Sierra Hull is far too cheerful for someone who’s been up since 5 a.m.
It’s just after noon at the Washington Hilton, where the 19-year old bluegrass musician and Alison Krauss sung a pair of hymns in front of a crowd of approximately 3,000 at the National Prayer Breakfast, held in the nation’s capital on a frigid February day. Said performance required an early morning sound check, which doesn’t seem so bad until one considers the previous evening’s rehearsal, which stretched until after midnight.
But it’s all old hat for Hull, a consummate professional who, at the age of 11, was invited by Krauss to sing at the Grand Ole Opry. Since then, Krauss—herself a child prodigy who picked up the fiddle at age five and has since become the most awarded female musician in Grammy history—has served as a mentor to the young musician. “She is the biggest hero of mine; I’ve always really admired and loved her music, so it’s great to get to play with her any time I can,” explains Hull. With her angelic voice and superb musicianship, it’s unsurprising that Hull has been garnering comparisons to Krauss for years.
Daybreak, Hull’s second album for roots label Rounder Records, is a collection of contemporary bluegrass that is stunning in its grace and maturity, and sure to appeal to longtime bluegrass fans as well as those who are new to the genre. Rooted in bluegrass tradition yet peppered with pop and swing influences, it’s an album that is the culmination of three exceptionally eventful years in Hull’s life, where she graduated high school, began college, and was nominated for the International Bluegrass Music Association’s “Emerging Artist of the Year Award.” Though she is mature for her age, that’s still a lot of living for someone who isn’t old enough to rent a van when she goes on tour.
Hull first picked up the mandolin at age seven after accompanying her father—who played guitar when his children sang in church and picked the banjo and mandolin as well—to several bluegrass festivals. She hit the ground running with the instrument, quickly learned her first tunes, and never looked back: “I just feel like I’ve always known it’s what I want to do. I haven’t ever really questioned it.” It’s no surprise, then, that Rounder signed her at age 13; she recorded her first album for them at the age of 15 (Hull self-released Angel Mountain in 2002). Secrets was released a year later, in 2008, while Hull was still attending public high school in her hometown of Byrdstown, Tennessee, something that prevented her from extensive touring behind the album.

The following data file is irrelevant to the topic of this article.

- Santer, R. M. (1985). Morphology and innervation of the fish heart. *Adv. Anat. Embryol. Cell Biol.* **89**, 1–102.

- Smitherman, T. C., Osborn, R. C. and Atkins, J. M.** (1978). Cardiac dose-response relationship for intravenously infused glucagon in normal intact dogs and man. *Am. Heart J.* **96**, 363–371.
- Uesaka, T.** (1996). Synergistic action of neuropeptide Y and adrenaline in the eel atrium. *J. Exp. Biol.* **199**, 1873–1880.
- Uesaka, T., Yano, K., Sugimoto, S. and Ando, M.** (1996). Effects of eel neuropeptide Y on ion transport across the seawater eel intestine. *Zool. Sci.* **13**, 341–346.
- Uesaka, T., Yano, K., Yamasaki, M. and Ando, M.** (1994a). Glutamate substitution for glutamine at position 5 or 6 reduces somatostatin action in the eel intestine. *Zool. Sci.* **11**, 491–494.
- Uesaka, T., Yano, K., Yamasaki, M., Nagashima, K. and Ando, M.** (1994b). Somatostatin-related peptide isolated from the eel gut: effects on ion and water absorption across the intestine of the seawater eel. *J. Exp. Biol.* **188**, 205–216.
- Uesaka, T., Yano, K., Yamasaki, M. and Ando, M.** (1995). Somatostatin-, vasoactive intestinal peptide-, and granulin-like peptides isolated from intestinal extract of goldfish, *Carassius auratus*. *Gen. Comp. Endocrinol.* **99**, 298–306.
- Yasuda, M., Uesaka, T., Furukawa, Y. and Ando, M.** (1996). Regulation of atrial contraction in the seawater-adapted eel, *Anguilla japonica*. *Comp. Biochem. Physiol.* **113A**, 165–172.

Secrets, produced by accomplished banjo player and member of Alison Krauss’s Union Station Ron Block, showcased a musician who was mature beyond her years as she played intricate, lightning-quick mandolin solos and sang in a clear soprano. The baker’s dozen of tracks on Secrets included only three penned by Hull, one of which was an instrumental. However, the introspective lyrics of “Pretend” and “Two Winding Rails” were clearly the work of a budding songwriting talent.
After graduating high school in 2009, Hull was admitted to Boston’s Berklee College of Music, a school which counts Bruce Hornsby, Gillian Welch, and Casey Driessen among its alums; she was the first bluegrass musician to receive one of the school’s prestigious Presidential Scholarships.
Hull’s time at Berklee, though it has forced her to postpone her dream of fulltime touring, has exposed her to a number of different types of music. Furthermore, it has provided her with an environment in which she’s surrounded by talented artists her own age, people who are all in that “big dreams stage,” as she calls it. Says Hull, “For the first time I feel like I’m not really sure what type of music I want to play anymore. I mean, I want to play bluegrass—I love bluegrass—but [Berklee] is shaping who I am. It’s made me go, ‘Oh, I love a lot of things.’…The semester before this one I was part of a Berklee World Strings Orchestra; I’ve played in a gypsy jazz ensemble and an R&B type ensemble, which is hilarious with mandolin. Being part of something like that, being able to do some different things with high-caliber musicians, gets me out of my comfort zone a little bit.”
With the influence of her Berklee classes and a wide variety of personal tastes that ranges from bluegrass legends the Stanley Brothers to piano pop songstress Sara Bareilles, it’s no surprise that Hull is branching out a bit with her own music on her new album. Daybreak is a fresh-sounding collection of bluegrass tempered with delicately sung pop music. Though the critical success of Secrets could have easily weighed on the young artist’s shoulders, Hull wasn’t feeling much pressure about delivering a successful follow up album; instead, she was excited to get back in to the studio after a three-year hiatus.